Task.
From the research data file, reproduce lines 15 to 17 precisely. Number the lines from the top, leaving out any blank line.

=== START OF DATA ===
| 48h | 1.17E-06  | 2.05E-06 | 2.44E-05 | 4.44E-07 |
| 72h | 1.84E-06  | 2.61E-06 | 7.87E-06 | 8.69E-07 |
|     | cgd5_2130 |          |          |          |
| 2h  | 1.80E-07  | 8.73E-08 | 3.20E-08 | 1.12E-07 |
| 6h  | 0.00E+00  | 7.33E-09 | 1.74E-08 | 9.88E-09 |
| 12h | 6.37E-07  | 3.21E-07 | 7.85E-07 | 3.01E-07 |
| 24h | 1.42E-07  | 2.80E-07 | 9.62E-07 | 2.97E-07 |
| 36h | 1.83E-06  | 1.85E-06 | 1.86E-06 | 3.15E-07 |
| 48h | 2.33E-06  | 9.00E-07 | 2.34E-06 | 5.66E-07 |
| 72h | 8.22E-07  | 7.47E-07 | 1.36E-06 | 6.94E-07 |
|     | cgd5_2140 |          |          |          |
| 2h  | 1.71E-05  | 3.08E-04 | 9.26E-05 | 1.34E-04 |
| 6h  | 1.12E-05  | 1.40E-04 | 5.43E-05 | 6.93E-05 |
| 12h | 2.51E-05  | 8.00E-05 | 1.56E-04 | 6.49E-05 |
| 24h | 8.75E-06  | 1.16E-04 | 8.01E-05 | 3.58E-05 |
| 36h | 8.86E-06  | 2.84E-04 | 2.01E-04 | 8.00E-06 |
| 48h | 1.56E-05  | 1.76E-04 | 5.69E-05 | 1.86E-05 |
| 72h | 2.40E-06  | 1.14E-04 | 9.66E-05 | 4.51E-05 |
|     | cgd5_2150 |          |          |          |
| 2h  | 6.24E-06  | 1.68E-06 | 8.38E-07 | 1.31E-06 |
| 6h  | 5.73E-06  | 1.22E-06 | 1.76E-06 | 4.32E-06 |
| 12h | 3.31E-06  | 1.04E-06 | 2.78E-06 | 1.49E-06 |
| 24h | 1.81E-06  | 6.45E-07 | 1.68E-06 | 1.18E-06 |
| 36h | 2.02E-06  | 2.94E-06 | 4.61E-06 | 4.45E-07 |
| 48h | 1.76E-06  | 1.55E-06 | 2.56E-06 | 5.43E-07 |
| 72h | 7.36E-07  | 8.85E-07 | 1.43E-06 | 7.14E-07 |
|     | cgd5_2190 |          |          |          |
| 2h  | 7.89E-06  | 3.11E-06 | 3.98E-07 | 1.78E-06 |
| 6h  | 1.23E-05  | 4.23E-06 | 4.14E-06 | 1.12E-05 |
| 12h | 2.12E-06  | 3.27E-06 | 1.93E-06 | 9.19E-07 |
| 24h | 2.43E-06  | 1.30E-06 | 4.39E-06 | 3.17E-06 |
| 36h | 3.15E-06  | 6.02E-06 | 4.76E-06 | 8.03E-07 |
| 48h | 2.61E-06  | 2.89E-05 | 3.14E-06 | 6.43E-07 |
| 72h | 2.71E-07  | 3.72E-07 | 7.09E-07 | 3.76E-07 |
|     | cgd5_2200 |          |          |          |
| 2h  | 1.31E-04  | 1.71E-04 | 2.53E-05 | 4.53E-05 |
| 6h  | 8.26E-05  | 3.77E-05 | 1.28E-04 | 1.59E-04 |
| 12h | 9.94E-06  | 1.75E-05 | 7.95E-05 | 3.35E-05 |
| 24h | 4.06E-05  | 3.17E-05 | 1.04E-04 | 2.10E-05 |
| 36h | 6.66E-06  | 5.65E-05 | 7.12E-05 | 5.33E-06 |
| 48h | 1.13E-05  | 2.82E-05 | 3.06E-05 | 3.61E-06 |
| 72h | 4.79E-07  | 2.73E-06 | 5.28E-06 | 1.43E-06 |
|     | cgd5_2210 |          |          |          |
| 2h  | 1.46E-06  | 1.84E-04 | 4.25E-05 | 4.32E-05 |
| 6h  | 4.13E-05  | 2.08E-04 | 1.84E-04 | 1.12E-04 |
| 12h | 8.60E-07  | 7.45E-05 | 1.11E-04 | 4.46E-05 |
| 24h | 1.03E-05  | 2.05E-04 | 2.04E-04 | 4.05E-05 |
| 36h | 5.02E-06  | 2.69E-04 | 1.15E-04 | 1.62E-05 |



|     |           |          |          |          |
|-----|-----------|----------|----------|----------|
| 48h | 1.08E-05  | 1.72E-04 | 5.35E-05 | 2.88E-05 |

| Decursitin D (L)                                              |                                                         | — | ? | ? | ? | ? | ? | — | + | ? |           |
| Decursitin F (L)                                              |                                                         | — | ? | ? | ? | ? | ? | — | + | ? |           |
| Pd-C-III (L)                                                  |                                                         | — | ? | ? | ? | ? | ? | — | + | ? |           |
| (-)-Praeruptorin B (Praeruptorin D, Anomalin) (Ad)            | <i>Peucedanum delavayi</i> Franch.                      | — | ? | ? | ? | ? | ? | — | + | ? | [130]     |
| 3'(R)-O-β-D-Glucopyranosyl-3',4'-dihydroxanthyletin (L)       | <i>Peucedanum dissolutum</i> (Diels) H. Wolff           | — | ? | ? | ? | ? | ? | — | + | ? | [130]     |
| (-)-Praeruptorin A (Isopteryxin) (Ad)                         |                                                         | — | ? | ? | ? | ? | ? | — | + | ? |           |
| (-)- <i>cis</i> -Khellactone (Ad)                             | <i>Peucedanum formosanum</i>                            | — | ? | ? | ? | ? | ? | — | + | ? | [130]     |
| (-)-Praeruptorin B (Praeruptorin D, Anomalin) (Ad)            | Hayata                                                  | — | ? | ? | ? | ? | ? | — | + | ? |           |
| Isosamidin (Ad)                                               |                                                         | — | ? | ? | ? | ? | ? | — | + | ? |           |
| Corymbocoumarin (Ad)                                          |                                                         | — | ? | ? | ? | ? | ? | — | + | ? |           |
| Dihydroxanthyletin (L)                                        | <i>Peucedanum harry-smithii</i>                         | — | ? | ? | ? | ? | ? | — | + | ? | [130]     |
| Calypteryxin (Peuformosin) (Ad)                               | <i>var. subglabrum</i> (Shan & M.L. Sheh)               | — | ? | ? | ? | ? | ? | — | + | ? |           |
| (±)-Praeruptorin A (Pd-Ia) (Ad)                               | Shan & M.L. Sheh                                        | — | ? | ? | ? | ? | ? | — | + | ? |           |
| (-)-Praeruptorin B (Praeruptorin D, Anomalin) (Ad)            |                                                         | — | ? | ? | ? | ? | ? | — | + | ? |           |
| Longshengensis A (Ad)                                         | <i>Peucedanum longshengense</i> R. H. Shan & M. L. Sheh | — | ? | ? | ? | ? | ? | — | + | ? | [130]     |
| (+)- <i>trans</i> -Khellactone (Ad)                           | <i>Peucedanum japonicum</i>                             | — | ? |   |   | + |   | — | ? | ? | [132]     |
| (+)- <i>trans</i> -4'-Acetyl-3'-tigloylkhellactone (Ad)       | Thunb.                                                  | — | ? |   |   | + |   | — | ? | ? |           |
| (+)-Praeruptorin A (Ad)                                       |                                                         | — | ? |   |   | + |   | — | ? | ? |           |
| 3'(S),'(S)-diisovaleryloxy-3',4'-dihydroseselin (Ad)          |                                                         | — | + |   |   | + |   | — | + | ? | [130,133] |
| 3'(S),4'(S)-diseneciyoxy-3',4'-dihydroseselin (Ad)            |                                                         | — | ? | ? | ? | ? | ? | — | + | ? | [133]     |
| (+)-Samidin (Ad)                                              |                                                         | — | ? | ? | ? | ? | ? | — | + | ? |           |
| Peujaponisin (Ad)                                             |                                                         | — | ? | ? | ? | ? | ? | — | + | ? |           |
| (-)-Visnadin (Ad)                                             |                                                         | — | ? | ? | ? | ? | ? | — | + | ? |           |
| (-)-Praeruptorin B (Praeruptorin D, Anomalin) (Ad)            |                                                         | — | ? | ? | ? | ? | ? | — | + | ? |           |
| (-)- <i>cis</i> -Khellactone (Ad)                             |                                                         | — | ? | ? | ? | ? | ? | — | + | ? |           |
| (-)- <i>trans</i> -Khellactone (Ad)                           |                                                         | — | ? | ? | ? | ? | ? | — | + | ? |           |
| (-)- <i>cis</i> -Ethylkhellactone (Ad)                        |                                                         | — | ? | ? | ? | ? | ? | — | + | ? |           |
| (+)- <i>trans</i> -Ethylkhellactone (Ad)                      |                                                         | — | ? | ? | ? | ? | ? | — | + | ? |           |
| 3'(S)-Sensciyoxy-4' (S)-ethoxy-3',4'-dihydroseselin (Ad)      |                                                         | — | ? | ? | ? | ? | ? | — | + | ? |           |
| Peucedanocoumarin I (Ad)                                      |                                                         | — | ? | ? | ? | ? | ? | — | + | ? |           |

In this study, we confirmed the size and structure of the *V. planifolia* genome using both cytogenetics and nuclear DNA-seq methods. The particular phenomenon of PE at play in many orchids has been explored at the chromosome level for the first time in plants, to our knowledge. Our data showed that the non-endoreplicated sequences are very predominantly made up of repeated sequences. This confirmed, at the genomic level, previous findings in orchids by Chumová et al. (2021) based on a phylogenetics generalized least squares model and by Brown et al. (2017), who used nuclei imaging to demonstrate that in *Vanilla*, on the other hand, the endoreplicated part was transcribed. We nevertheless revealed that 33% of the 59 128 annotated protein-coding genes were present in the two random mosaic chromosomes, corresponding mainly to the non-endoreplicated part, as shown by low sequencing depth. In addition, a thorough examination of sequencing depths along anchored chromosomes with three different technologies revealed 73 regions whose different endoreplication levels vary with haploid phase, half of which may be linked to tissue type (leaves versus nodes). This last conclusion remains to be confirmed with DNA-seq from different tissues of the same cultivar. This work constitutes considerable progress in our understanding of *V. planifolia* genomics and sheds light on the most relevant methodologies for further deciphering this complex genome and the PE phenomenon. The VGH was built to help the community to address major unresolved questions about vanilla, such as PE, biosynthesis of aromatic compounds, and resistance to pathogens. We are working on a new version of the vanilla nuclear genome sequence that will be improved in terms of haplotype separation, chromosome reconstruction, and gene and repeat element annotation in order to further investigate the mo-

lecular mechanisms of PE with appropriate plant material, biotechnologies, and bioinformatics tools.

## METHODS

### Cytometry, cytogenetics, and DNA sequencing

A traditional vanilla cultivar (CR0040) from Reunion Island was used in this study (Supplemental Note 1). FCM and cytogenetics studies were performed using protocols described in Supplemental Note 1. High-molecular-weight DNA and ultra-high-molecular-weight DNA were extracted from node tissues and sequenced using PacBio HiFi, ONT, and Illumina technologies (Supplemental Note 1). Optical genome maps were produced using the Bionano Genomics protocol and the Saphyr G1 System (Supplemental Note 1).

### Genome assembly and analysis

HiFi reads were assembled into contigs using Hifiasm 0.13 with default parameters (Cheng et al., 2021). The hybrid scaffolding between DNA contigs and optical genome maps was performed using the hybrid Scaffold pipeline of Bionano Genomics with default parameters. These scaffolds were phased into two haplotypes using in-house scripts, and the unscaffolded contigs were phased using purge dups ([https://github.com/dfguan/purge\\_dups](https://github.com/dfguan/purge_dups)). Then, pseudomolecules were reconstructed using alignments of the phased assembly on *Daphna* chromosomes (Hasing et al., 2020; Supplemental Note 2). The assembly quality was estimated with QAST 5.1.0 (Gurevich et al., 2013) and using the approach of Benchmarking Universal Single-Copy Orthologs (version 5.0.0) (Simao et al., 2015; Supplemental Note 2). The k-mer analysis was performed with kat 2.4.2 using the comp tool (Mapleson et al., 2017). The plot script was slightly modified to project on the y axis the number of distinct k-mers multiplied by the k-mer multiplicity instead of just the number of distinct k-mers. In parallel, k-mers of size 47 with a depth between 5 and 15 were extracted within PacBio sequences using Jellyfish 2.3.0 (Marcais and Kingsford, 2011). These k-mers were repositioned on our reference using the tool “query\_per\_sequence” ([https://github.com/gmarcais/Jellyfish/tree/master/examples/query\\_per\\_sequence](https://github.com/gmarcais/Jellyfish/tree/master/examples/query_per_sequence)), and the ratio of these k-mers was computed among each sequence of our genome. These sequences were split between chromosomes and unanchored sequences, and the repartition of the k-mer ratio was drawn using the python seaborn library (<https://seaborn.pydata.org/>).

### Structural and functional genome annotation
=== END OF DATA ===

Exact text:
| 24h | 8.75E-06  | 1.16E-04 | 8.01E-05 | 3.58E-05 |
| 36h | 8.86E-06  | 2.84E-04 | 2.01E-04 | 8.00E-06 |
| 48h | 1.56E-05  | 1.76E-04 | 5.69E-05 | 1.86E-05 |